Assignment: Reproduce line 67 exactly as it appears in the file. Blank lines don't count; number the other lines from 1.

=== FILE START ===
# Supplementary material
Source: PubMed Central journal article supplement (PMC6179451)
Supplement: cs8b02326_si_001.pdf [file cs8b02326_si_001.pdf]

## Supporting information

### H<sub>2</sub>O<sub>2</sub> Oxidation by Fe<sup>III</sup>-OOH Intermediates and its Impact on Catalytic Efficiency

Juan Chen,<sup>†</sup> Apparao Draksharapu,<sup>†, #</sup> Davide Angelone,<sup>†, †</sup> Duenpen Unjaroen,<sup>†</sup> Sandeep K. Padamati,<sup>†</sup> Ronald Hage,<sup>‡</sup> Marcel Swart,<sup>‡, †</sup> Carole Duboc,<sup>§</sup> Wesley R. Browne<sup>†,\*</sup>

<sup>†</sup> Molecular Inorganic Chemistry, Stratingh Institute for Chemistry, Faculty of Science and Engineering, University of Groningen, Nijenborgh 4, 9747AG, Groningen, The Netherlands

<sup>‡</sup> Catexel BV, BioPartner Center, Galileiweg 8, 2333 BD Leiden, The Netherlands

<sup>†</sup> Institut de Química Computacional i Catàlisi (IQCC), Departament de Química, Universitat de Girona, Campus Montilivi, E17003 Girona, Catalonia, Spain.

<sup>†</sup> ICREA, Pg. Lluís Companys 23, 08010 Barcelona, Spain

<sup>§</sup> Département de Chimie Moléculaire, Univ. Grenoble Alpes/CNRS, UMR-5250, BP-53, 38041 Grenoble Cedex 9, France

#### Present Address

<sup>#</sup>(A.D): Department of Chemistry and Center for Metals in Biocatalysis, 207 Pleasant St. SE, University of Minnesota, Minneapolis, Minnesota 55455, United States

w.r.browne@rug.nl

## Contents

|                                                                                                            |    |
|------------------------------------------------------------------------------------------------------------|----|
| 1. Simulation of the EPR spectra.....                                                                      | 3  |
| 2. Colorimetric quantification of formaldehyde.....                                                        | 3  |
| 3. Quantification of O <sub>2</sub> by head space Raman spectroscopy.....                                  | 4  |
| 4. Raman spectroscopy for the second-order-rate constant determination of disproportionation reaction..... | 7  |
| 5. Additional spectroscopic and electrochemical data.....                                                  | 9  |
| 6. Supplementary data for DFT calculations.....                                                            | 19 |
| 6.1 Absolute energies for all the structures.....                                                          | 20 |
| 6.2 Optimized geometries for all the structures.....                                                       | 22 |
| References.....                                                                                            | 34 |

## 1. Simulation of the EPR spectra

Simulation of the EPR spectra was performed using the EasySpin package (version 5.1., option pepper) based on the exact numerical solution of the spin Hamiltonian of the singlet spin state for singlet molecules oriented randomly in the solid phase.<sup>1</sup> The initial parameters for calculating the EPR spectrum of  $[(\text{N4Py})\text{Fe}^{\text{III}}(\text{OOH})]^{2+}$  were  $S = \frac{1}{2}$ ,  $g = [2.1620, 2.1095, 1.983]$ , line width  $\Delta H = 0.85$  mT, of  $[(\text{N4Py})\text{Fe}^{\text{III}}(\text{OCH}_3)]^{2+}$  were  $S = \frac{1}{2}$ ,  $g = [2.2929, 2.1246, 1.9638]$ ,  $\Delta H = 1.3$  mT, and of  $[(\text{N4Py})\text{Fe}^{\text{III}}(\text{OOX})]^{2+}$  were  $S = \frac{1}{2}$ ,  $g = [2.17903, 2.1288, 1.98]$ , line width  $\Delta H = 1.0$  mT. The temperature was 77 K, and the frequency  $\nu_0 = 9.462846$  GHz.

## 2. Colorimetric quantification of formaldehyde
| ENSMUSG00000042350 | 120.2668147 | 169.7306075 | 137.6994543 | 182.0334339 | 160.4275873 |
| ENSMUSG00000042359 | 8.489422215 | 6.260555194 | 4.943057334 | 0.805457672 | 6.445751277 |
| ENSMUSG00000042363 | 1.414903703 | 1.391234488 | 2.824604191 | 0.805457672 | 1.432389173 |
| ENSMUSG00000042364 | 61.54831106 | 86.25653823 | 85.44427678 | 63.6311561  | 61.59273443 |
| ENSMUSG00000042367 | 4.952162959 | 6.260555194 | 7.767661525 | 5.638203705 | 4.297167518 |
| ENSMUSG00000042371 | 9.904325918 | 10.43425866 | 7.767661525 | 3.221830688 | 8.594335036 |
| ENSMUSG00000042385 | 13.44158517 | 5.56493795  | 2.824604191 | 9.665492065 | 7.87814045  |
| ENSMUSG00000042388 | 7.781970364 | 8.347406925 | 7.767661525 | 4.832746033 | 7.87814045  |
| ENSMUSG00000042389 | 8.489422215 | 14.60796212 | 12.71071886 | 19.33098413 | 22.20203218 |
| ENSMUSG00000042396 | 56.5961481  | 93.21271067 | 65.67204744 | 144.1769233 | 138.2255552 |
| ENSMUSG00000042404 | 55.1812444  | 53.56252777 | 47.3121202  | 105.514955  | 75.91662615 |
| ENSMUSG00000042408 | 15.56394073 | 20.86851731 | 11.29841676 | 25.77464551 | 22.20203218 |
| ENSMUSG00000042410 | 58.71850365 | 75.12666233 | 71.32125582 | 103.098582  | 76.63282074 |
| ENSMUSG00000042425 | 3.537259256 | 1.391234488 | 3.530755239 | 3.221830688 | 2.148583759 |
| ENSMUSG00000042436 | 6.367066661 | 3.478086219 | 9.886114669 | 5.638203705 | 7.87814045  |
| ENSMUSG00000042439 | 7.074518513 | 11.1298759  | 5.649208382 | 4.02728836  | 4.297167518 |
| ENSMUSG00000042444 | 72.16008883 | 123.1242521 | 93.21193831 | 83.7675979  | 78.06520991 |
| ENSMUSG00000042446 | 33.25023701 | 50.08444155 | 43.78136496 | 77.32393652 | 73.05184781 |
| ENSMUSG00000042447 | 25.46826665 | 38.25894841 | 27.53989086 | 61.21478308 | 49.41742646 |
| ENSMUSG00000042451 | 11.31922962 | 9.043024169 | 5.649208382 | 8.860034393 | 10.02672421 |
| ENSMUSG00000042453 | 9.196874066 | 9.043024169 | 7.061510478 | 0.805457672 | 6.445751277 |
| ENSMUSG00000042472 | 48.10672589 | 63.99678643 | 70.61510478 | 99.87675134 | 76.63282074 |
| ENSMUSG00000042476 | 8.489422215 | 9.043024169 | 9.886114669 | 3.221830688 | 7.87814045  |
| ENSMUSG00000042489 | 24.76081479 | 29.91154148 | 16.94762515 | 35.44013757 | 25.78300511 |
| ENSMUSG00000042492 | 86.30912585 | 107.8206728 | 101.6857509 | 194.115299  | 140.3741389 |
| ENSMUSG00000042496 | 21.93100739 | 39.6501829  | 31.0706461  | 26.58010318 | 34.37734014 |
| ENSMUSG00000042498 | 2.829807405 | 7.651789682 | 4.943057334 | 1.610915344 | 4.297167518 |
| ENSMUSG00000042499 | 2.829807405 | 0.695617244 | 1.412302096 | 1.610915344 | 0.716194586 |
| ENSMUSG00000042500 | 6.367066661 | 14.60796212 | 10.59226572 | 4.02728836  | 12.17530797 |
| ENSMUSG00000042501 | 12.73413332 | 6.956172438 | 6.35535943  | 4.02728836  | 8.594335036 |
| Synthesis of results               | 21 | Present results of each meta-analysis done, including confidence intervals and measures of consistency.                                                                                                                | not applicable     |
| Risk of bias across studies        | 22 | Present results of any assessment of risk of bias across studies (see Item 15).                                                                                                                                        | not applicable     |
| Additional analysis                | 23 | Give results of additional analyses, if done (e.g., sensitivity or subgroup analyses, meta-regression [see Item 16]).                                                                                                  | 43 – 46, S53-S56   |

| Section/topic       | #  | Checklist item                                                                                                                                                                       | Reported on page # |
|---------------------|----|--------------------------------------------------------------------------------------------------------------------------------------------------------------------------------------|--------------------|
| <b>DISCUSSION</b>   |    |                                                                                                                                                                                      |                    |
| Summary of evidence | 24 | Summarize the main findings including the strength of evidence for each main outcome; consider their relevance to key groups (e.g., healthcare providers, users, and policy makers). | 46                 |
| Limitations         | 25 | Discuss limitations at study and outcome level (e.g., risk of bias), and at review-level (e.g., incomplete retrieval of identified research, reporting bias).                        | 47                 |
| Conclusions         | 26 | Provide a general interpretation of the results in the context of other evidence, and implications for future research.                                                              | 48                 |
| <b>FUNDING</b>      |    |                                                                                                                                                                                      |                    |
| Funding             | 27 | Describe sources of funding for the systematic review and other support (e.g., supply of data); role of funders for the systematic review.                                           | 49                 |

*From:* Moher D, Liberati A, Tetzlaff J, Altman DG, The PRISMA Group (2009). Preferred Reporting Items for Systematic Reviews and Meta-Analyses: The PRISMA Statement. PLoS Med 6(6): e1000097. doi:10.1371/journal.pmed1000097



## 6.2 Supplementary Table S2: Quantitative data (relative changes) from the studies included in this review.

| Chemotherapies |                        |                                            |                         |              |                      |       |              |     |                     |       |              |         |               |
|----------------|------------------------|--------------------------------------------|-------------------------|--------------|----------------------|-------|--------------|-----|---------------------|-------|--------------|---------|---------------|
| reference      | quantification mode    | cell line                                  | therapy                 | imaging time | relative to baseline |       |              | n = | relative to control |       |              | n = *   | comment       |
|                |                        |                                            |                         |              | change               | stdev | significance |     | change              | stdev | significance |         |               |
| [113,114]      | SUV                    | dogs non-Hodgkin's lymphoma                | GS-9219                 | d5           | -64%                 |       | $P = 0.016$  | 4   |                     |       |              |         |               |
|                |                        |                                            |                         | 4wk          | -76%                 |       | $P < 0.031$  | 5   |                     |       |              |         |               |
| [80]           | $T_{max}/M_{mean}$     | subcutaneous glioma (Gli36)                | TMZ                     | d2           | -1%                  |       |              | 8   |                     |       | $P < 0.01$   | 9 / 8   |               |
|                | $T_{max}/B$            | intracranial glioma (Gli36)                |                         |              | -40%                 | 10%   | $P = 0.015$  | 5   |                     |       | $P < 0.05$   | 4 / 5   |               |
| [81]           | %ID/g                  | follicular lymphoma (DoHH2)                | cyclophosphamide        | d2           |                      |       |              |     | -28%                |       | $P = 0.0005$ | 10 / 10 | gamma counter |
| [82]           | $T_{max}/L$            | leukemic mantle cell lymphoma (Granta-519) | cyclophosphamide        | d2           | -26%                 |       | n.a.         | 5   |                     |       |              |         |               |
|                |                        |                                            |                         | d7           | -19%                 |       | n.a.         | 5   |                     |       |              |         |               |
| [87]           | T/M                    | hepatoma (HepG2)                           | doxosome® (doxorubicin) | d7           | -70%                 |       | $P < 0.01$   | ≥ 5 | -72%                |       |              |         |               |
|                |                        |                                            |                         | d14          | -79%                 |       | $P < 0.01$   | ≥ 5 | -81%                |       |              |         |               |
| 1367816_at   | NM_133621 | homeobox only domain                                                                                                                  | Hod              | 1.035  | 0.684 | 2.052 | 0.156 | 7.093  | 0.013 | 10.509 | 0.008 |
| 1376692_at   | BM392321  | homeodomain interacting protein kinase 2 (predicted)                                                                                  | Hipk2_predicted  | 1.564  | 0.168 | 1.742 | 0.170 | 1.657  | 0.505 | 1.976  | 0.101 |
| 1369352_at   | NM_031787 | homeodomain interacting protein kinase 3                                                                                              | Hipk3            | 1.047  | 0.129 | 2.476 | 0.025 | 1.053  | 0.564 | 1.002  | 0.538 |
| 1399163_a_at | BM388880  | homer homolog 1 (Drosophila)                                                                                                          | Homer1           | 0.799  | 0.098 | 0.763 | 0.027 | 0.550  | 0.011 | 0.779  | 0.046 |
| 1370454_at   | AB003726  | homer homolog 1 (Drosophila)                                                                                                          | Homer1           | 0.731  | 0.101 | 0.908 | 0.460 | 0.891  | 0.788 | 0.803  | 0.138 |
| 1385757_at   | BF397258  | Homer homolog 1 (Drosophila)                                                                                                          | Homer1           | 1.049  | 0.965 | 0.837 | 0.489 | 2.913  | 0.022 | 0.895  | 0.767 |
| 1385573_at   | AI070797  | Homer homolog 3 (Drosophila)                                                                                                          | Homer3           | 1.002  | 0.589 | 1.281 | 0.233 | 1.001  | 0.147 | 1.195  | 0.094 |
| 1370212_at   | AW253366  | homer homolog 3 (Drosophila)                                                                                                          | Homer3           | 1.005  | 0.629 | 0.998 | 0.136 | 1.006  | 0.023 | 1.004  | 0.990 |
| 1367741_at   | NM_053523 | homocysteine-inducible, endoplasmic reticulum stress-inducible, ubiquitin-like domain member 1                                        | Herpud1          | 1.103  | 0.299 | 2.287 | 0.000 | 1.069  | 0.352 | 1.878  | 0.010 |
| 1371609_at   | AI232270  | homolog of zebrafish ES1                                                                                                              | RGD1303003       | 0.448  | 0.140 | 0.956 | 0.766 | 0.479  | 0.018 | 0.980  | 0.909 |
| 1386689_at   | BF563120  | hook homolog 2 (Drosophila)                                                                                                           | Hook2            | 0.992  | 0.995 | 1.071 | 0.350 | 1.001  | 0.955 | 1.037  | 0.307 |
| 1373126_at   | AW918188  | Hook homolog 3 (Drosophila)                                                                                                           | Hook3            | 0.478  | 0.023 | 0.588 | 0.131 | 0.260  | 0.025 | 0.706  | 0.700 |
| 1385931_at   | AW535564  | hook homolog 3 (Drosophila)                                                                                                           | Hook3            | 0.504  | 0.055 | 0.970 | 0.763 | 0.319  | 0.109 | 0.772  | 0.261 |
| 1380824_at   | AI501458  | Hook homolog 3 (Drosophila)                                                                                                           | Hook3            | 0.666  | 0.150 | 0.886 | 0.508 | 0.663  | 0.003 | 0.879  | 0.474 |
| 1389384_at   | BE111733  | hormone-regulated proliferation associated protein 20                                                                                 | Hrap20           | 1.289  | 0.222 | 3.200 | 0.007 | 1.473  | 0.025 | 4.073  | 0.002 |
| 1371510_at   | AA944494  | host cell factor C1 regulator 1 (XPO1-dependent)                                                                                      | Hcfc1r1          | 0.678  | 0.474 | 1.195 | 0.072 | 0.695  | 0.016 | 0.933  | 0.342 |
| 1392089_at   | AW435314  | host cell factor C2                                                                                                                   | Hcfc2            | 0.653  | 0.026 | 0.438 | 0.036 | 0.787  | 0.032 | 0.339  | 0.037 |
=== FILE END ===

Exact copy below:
| Limitations         | 25 | Discuss limitations at study and outcome level (e.g., risk of bias), and at review-level (e.g., incomplete retrieval of identified research, reporting bias).                        | 47                 |